QUOTE OF THE DAY: “We want you to know that we have acted in the best interest of the community and have the public health and safety needs as our top priority at the town,” said Annette Padilla, Millinocket town manager, on the firing of police Chief Craig Worster, who was accused of creating a hostile work environment and sexually harassing his deputy chief. Read the Bangor Daily News’ series on police accountability in Maine here.
What we’re watching today
A report about the possible environmental perks of state employees working remotely shows how it shielded many — but not all — from the coronavirus. The data, collected as part of a study of telework’s potential costs and benefits for the state, showed that workers reduced travel by 1 million vehicle miles a week since the pandemic started. By spring, an estimated 85 percent of state workers were working from home.
Dean Staffieri, the president of the Maine Service Employees Association, the largest state employees’ union, estimated in a message to workers that 45 out of the union’s roughly 12,000 members have contracted the virus. In the early days of the pandemic, those employees were mostly workers in the health care fields. And while cases of the virus still periodically close public health agency offices, the more recent surge has seen employees in the prisons affected.
SEIU spokesperson Jeff McCabe says the data is a good sign, as the union has pushed for as many people to work from home as possible. But it also highlights who the state relies on for its hands-on virus response. Workers such as first responders, custodians and transportation workers are still in the field. McCabe said the union is also concerned about employees returning to the office as cases climb, something he said was difficult to measure.
It could lead to larger conversations about hazard pay. The state has granted hazard pay to certain employees in its corrections, agricultural, service, public health and psychiatric departments, but McCabe said the union is looking to expand it to all employees who interface with the public. Any request will face a hard road with a massive shortfall looming.
The Maine politics top 3
— “A secret settlement hid an officer’s misconduct. Outside Maine, it would have been different,” Erin Rhoda, Bangor Daily News: “In Maine, however, there is no requirement that law enforcement agencies check the past personnel files of those they’re looking to hire. While sheriffs in Maine said they conduct background investigations into potential hires and frequently ask job candidates to sign releases to allow them to see officers’ past personnel files, it’s not done 100 percent of the time. Complicating matters, records are not always complete.”
— “Susan Collins, Jared Golden skeptical of Biden’s pick of retired general to lead Pentagon,” The Associated Press: “Members of Maine’s delegation were noncommittal on [Lloyd] Austin’s nomination on Tuesday, though [U.S. Sen. Susan] Collins and Rep. Jared Golden of the 2nd District, a Democrat and Marine veteran of the Iraq and Afghanistan wars elected in 2018, looked to be most dubious of the idea of another waiver.”
Maine will finalize its presidential pick. The job of the state’s four electoral votes will be mostly business as usual next Monday. But there will be fewer people in the chamber of the Maine House of Representatives to observe, with masking and distancing protocols in place.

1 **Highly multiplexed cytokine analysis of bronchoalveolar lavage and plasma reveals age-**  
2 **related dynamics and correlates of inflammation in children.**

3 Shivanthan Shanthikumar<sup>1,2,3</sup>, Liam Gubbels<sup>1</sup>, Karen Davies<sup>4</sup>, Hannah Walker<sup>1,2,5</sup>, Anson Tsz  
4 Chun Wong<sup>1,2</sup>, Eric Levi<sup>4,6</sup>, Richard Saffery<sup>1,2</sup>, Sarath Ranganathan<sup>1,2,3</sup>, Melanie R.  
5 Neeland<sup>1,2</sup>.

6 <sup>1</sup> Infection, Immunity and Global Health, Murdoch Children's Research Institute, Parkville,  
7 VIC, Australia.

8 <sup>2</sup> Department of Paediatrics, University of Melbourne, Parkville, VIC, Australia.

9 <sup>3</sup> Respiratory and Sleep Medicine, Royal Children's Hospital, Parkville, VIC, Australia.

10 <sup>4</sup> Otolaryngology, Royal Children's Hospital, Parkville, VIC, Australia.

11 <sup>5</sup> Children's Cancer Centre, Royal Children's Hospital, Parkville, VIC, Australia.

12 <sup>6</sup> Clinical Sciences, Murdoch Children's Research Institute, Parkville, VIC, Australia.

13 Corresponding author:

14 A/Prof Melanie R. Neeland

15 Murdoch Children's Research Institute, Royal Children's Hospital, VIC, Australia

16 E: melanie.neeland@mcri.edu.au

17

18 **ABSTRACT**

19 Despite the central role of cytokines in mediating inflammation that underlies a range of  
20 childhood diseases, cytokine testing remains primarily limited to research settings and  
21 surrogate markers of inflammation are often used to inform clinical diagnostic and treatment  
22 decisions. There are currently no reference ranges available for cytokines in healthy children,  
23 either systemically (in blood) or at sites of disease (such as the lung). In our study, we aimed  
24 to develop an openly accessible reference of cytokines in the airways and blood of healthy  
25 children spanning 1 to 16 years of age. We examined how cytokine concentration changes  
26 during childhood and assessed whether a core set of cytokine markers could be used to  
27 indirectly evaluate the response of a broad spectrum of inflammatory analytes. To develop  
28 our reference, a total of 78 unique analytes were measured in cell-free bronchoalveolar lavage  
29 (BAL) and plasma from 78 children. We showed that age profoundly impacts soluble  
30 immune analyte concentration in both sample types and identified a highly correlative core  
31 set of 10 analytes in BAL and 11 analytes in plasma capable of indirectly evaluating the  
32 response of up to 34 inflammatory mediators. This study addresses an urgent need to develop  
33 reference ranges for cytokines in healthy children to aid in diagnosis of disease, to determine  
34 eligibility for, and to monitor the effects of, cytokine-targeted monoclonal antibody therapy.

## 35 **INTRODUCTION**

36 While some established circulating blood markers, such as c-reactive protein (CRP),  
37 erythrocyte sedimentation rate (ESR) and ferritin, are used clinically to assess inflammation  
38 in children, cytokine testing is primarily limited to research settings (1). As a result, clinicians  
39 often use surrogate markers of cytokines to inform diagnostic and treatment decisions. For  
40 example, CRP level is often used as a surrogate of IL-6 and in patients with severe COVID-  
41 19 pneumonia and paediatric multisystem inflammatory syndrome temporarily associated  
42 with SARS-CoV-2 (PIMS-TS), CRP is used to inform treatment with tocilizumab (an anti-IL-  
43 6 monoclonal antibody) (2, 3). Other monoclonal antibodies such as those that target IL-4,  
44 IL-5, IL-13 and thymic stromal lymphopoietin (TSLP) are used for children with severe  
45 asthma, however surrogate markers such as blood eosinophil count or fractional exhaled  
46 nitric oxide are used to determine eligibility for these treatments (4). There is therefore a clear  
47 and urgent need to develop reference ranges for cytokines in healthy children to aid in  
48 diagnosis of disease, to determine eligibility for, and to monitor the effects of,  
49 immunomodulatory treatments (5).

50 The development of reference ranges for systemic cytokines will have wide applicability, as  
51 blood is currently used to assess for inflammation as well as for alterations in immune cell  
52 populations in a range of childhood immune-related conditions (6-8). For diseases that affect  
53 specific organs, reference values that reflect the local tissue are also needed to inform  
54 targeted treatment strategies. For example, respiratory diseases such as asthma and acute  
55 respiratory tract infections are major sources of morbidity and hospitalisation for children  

— “Despite curfew, Maine virus restrictions in line with other New England states,” Jessica Piper, BDN: “Like Mills, other New England governors have been reluctant to impose business closures as the virus has worsened. Massachusetts Gov. Charlie Baker tightened capacity limits at a range of establishments on Tuesday, but only called for the closure of indoor performance venues. He also announced that restaurant patrons would be required to wear face coverings at all times when not eating, something Maine already requires.”
Twists and turns in relief talks
There was a lot of news about a potential coronavirus-related stimulus bill out of Washington Tuesday, but little consensus. Lawmakers appear poised to pass a one-week spending bill to keep the government open while continuing negotiations. Stimulus checks, aid for state and local governments, unemployment assistance and liability protections appear to be among the remaining sticking points for a broader relief bill.
Senate Majority Leader Mitch McConnell, R-Kentucky, floated dropping both state and local aid — a priority of Democrats — and liability protections, which had been a priority of his, from the bill. But that proposal was overshadowed after the White House rolled out its own plan which favored dropping federal unemployment benefits in favor of a one-time $600 stimulus check.
Democratic leaders immediately came out against that proposal. Rep. Chellie Pingree, a Democrat from Maine’s 1st District, and 57 other House members signed a letter Tuesday encouraging the inclusion of stimulus checks, but said they should still be paired with additional federal unemployment insurance.
Today’s Daily Brief was written by Caitlin Andrews, Jessica Piper and Michael Shepherd. If you’re reading this on the BDN’s website or were forwarded it, you can sign up to have it delivered to your inbox every weekday morning here.
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